The Jews in Lithuania in the service of a republican order faced many anti-Semitic issues that no doubt strengthened Zionism in the Jewish neighborhoods as well as led to their having no connection to the Lithuanian land. It can also be that the folk [community] institutions that sensed the cruel fate of the coming days of destruction also influenced the national consciousness and the Zionist ideals completely dominated the Jewish community in Lithuania.

[Page 33]

rok033a.jpg [14 KB] - Gravestone in the Old Cemetery
rok033b.jpg [14 KB] - Gravestone in the New Cemetery
Gravestone in the Old Cemetery Gravestone in the New Cemetery

[Page 36]

rok033c.jpg [37 KB] - Volunteer firefighter corps
Volunteer firefighter corps
[Date on photo: 21 August 1927]

[Page 39]

rok039a.jpg [20 KB] - Maccabee parade
The Maccabee parade commemorating the freeing of Schwartzborden
[who was freed in France]


rok039b.jpg [26 KB] - Gathering in honor of the Balfour Declaration
A celebratory gathering under a Fall sky in honor of the Balfour Declaration
[Another translation refers to this as a "heated" meeting regarding the Balfour Declaration]

[Page 41]

rok041a.jpg [34 KB] - Keren Kayemet Zionists
Group photo of the Keren Kayemet Zionists
[with no identification]
Inscription on photo reads "Rokiskis 18 May 1925"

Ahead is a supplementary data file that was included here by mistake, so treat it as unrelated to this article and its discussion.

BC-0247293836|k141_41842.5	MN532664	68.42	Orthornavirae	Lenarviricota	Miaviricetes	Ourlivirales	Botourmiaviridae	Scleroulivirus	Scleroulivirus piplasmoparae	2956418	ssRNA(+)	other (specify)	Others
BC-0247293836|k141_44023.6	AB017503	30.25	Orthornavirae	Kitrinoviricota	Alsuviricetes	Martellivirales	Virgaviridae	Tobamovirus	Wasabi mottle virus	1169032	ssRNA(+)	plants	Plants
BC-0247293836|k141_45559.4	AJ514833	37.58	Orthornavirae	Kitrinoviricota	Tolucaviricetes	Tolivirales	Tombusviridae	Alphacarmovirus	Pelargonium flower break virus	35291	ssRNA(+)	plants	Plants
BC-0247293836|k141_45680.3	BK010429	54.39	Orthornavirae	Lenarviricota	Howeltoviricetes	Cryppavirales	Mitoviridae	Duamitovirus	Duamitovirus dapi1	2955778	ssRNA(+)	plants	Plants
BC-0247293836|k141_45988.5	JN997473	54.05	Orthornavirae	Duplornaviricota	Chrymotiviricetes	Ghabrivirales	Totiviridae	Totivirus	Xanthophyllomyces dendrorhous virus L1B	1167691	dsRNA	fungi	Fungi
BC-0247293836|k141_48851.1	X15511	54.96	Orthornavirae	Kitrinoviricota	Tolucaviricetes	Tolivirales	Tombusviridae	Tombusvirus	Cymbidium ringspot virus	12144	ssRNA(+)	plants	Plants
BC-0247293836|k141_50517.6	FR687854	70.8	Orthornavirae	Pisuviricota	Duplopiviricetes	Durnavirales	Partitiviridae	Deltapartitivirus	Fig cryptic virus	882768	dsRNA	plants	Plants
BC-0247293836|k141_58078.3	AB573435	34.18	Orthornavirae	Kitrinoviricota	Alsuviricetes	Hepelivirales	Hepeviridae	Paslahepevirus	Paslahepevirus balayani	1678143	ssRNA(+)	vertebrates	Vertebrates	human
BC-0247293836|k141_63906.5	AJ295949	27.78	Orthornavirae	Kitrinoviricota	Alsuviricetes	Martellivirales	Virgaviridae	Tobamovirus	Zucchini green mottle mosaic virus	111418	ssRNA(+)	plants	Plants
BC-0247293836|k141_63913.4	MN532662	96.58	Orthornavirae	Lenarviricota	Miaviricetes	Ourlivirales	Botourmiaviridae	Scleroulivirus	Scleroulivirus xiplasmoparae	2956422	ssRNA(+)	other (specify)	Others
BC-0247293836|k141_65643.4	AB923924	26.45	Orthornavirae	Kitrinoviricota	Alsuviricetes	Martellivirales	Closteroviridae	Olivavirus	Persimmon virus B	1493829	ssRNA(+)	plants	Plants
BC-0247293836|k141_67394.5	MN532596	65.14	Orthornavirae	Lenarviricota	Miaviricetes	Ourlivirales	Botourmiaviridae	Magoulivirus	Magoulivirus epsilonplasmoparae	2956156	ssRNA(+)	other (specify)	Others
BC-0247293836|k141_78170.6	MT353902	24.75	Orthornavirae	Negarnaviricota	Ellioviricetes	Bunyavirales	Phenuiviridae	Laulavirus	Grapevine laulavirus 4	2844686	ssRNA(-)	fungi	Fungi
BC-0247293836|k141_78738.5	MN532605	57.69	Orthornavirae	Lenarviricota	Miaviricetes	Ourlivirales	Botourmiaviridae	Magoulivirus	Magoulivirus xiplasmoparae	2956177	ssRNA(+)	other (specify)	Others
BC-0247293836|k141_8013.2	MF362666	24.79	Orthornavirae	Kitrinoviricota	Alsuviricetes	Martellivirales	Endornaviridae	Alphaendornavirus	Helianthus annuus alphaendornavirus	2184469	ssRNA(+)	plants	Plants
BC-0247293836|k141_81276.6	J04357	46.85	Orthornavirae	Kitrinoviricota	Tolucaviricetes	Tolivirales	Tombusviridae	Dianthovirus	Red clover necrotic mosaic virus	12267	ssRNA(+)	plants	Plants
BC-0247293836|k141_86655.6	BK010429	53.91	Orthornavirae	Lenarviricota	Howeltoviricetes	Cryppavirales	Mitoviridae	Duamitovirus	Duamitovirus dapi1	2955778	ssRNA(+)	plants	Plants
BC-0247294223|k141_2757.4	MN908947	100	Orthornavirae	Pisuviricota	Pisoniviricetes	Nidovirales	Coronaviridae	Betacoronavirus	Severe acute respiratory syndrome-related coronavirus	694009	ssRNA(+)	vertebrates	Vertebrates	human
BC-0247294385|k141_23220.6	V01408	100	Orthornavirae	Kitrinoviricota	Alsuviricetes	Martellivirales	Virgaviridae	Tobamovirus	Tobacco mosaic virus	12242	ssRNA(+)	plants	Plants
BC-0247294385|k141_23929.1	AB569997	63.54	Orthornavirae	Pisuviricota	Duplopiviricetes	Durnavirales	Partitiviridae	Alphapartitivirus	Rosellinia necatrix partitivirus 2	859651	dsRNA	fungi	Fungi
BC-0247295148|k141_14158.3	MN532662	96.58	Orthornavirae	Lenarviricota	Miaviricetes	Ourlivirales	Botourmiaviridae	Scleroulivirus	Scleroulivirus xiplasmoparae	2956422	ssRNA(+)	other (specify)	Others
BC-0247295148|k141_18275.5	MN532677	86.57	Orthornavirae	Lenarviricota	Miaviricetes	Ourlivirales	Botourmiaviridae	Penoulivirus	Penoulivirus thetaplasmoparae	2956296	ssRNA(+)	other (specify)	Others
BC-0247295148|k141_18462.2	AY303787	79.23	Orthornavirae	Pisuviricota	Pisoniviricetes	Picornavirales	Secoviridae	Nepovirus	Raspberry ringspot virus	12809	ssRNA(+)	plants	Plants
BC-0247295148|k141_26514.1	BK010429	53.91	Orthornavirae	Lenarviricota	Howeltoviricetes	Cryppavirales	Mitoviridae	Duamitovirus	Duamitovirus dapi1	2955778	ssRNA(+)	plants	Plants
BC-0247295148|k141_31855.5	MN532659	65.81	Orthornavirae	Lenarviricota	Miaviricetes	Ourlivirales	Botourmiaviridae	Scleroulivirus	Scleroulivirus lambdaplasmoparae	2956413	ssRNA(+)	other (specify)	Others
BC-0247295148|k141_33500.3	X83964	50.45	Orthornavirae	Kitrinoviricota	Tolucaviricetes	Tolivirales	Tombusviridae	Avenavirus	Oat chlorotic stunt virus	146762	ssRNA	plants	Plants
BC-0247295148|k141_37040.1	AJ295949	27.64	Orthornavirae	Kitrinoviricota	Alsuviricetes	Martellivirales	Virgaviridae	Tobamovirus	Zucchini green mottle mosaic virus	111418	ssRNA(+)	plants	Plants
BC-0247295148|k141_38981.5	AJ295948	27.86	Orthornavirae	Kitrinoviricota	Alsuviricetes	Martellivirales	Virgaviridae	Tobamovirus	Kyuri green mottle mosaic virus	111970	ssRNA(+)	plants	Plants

rok041b.jpg [30 KB]
No group identification; date on photo: Rokiskis, 25 June 1927
(Standing right to left) Rachmiel Ruch, Yosef Caspi, E. Grinberg, D. Sudovski,
H. Katz, A. Tzadish (Tzades), A. Nau; (seated right to left) Jacob Givaski (Kavalski),
H. Eidelson, Bun, Esther Agents, Choneh Arsh, A. Yoselovitz.
[Yosef Caspi, listed here, was principal of the Hebrew school.
He was a traitor to the Jews in the German occupation in WWI,
but was shot nevertheless. – A. Jermyn]

Translator's Footnotes

  1. Each Hebrew letter has a numerical equivalent, its gimatria. The numerical value of the letters of the two words ozer dalim (which translate as “assists the needy”) was used to calculate the age of the synagogue Return
  2. This Yiddish usage indicates that Yekl is Feiwe's son and that Tsipa is Leah's daughter Return
  3. Kozak means Cossack and is Yiddish slang for a strong man Return
  4. The holiday occurring in late September or early October during which the year-long cycle of the reading of the Torah is completed and begun again. The holiday is celebrated with great joy including a procession during which the Torah scrolls are carried around a synagogue Return
  5. Writer Sholem Alecheim's imaginary shtetl, in which many of his stories take place Return
  6. A reference to a character in Takse [Tax], a work by Mendele Mokher Sforim Return